Allentown Morning Call, MCT
Those negative health effects can be summarized as a kind of "metabolic syndrome," in which certain cellular enzymes that metabolize fats and sugars become inactive when we sit for 60 to 90 minutes. The result: "lack of movement and low enzyme activity contribute to weight gain, diabetes and a reduction in HDL- the good cholesterol."
Studies show impact of prolonged sitting
In a recent New York Times blog post called "Meet the Active Couch Potato," Gretchen Reynolds highlights two studies that focused on this phenomenon. In one, researchers in Australia analyzed "medical records and lifestyle questionnaires of 220,000 Australian adults 45 and over." The study found that "the more hours the men and women sat every day, the greater their chance of dying prematurely" - even if the study participants exercised.
Another study in Finland used special electromyography equipment to measure the muscle activity of volunteers. They found that overall muscle activity, and sitting time, remained relatively unchanged even when participants exercised. Reynolds writes:
Surprisingly, how much people exercised or what kind of exercise they chose did not change sitting time. Whether volunteers worked out for less than an hour or for more than 90 minutes, they spent an equivalent amount of time the rest of the day being mostly torpid physically.According to Dr. Taija Juutinen Finni, who spearheaded the research, the results "suggest that normal exercise, which fills so few hours of even active people’s days, may not be enough in terms of health."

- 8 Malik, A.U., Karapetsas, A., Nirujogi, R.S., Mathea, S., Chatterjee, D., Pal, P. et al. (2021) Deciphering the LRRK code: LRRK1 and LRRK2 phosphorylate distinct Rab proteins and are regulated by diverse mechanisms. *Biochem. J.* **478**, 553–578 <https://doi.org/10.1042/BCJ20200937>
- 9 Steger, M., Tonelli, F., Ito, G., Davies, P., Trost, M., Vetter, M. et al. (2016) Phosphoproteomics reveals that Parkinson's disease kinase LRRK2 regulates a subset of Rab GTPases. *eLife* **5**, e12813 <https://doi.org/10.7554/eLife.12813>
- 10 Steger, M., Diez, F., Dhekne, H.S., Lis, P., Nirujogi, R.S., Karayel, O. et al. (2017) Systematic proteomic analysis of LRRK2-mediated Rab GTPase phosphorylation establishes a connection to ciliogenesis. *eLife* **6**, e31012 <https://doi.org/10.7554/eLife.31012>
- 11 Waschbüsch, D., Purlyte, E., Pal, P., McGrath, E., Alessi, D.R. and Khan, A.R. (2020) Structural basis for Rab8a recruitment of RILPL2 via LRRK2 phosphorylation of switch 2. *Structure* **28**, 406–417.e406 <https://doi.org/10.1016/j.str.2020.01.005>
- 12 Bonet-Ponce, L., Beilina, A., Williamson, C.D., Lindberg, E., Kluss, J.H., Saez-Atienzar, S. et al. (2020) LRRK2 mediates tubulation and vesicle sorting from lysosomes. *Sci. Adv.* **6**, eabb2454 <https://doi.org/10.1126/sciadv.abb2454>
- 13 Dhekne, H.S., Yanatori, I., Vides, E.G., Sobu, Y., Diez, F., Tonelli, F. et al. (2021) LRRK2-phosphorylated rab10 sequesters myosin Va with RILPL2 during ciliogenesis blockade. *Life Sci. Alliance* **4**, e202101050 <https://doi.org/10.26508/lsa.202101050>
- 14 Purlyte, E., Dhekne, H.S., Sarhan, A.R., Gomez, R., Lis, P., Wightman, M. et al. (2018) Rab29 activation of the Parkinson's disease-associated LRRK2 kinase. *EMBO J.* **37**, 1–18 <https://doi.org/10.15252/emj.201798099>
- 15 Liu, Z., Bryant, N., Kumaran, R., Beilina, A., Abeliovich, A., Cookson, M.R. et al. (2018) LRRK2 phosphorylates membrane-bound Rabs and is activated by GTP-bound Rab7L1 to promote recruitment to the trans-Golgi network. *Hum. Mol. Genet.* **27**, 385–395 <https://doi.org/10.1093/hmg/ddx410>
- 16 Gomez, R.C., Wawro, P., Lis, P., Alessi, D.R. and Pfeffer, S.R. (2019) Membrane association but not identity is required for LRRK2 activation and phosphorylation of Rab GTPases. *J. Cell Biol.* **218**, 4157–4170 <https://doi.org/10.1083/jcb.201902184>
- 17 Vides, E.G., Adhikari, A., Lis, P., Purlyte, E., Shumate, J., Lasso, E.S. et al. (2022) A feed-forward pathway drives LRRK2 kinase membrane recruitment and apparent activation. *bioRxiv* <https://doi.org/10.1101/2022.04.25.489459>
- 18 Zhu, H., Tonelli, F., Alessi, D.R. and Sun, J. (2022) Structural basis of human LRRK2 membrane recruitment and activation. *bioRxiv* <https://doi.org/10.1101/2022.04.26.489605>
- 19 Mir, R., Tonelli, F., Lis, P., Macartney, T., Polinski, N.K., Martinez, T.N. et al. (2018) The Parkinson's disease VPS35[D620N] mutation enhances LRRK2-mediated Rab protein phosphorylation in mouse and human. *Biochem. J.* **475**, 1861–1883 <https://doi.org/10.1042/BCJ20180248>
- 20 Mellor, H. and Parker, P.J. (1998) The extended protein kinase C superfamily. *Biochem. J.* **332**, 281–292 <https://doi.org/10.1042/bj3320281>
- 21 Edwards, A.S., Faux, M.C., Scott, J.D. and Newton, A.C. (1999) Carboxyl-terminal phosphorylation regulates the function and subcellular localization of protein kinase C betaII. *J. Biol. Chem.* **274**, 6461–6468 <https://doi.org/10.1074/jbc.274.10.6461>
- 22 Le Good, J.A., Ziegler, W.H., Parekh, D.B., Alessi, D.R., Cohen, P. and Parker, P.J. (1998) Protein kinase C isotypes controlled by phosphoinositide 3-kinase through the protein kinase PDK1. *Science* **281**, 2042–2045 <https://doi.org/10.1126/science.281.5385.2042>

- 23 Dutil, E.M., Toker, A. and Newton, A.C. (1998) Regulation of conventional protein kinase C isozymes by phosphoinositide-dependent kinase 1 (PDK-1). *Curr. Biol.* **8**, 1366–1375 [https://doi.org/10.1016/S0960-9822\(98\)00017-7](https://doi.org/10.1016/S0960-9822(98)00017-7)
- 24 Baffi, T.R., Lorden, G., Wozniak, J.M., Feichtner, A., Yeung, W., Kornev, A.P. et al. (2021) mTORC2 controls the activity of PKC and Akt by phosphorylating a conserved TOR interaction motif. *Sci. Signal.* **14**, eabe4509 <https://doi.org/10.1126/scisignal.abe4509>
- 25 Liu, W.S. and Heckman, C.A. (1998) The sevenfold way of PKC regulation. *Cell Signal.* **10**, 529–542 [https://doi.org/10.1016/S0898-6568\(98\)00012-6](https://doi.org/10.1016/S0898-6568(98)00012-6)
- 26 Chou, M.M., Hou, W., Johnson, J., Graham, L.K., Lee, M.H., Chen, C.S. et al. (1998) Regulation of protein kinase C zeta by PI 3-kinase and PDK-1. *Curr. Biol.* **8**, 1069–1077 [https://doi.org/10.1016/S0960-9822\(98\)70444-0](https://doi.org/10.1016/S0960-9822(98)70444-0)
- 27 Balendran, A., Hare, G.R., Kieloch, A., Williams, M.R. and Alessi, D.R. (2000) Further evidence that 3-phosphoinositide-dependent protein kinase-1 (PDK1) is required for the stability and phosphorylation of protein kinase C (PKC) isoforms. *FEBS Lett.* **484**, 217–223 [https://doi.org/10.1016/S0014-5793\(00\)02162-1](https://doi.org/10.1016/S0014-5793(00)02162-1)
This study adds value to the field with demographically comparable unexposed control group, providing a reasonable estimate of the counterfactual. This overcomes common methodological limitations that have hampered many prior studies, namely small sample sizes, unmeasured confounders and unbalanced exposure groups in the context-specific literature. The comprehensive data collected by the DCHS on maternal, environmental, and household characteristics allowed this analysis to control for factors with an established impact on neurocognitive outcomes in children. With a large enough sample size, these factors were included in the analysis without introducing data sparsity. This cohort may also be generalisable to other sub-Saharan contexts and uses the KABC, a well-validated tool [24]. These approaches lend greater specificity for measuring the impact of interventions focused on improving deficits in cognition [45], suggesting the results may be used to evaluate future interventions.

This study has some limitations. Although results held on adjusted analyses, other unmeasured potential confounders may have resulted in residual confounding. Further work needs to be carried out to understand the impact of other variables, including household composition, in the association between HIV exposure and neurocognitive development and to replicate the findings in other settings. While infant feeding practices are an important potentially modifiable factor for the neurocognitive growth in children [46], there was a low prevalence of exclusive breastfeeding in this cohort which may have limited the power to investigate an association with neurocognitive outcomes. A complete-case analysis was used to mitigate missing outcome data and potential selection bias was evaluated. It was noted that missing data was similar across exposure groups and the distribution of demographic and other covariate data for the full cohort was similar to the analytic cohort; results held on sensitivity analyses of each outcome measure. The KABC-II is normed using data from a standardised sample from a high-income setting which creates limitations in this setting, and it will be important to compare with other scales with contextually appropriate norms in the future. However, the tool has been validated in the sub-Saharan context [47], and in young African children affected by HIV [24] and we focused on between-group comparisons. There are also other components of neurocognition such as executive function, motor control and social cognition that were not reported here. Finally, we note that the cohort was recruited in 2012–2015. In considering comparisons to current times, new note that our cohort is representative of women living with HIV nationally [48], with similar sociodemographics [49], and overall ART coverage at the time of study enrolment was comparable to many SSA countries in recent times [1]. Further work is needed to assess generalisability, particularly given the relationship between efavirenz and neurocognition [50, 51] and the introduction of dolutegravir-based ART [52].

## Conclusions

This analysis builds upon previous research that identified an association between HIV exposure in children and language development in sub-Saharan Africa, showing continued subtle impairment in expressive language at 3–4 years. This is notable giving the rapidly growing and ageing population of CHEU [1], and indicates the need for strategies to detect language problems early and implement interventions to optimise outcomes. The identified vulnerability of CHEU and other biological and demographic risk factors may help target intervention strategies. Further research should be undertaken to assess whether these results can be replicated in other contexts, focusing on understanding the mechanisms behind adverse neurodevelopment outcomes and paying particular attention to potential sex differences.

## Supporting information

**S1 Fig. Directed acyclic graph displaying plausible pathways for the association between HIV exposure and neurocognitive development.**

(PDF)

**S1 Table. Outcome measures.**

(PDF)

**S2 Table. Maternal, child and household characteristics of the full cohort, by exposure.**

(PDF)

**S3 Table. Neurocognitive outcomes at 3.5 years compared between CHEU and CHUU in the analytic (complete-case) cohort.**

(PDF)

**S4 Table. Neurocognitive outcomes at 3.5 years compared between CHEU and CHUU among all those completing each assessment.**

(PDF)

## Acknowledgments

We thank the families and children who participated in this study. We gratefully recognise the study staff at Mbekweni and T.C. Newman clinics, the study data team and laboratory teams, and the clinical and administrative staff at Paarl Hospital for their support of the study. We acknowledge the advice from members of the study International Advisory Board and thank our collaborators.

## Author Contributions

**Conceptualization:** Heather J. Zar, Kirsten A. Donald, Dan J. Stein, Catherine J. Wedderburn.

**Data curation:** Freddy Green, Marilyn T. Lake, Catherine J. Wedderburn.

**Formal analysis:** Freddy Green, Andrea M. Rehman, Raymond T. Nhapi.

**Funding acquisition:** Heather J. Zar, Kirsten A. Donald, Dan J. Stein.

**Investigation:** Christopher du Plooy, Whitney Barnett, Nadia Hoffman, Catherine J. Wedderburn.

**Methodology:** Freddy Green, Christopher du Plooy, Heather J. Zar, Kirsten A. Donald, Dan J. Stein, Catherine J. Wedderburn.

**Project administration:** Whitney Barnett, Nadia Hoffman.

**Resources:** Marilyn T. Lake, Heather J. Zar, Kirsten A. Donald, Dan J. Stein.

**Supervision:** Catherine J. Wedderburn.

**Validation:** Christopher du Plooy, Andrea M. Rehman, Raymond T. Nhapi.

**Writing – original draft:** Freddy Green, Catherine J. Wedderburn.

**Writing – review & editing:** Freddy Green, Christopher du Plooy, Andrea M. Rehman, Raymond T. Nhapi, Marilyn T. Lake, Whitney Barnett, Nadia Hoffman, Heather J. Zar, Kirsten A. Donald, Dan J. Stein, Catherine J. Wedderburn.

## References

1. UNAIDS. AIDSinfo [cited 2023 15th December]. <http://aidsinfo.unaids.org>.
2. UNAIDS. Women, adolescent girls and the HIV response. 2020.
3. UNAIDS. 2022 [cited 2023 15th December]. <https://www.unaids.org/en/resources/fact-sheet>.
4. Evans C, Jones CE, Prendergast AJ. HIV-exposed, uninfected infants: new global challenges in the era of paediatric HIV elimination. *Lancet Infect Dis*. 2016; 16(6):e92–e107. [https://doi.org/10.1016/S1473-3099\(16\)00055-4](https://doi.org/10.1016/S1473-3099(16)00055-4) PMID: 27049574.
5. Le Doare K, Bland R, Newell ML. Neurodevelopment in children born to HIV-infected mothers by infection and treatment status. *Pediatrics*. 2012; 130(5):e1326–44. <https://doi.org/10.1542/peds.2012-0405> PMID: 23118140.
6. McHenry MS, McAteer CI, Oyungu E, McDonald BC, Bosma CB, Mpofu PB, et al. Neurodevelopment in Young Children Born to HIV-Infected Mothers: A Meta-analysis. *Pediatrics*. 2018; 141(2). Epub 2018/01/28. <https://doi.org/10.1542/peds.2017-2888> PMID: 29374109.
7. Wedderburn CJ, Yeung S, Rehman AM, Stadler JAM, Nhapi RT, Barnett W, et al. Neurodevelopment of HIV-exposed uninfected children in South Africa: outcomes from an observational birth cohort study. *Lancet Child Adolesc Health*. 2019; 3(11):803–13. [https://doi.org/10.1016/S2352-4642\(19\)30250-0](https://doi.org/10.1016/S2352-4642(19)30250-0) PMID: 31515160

I'm definitely an active couch potato. I used to sit in an uncomfortable office chair for up to 12 hours a day, taking rare breaks, and heading to the gym directly after work. I suffered from significant back pain that was alleviated only by taking prescription pain meds. Interestingly, my doctors never suggested that my back pain could be related to my office environment. But when I started a family and took extended maternity leave, it was clear that prolonged sitting at my computer was intricately related to my problems, as my back pain disappeared altogether (along with my gym attendance).
I'm now back at a computer and desk, and I try to exercise 30 minutes most days. While the number of sitting hours have decreased significantly compared to my original job, I still sit for large blocks of time. Of course, my back pain has returned (though thankfully not with as much severity).
To begin breaking free of "active couch potato" status, sit in a more ergonomically correct manner. If you can't afford an ergonomic office chair, consider sitting on an exercise ball. I've found that it has helped me a great deal. (Of course, check with your doctor first.) Also, get up and move as often as possible. Standing, walking, or even moderate leg exercises at least once an hour is advised. Getting a more active job might not always be possible, but it could help.
We also need to consider the impact that sitting has on our kids, who sit for long periods of time at school and often at home. Remember, it's not enough anymore to think of prolong sitting as being back on your back, neck and shoulders. Important metabolic activities and general health is at stake, too.
For more information:
"PhysEd: The Men Who Stare at Screens" by Gretchen Reynolds, New York Times blog post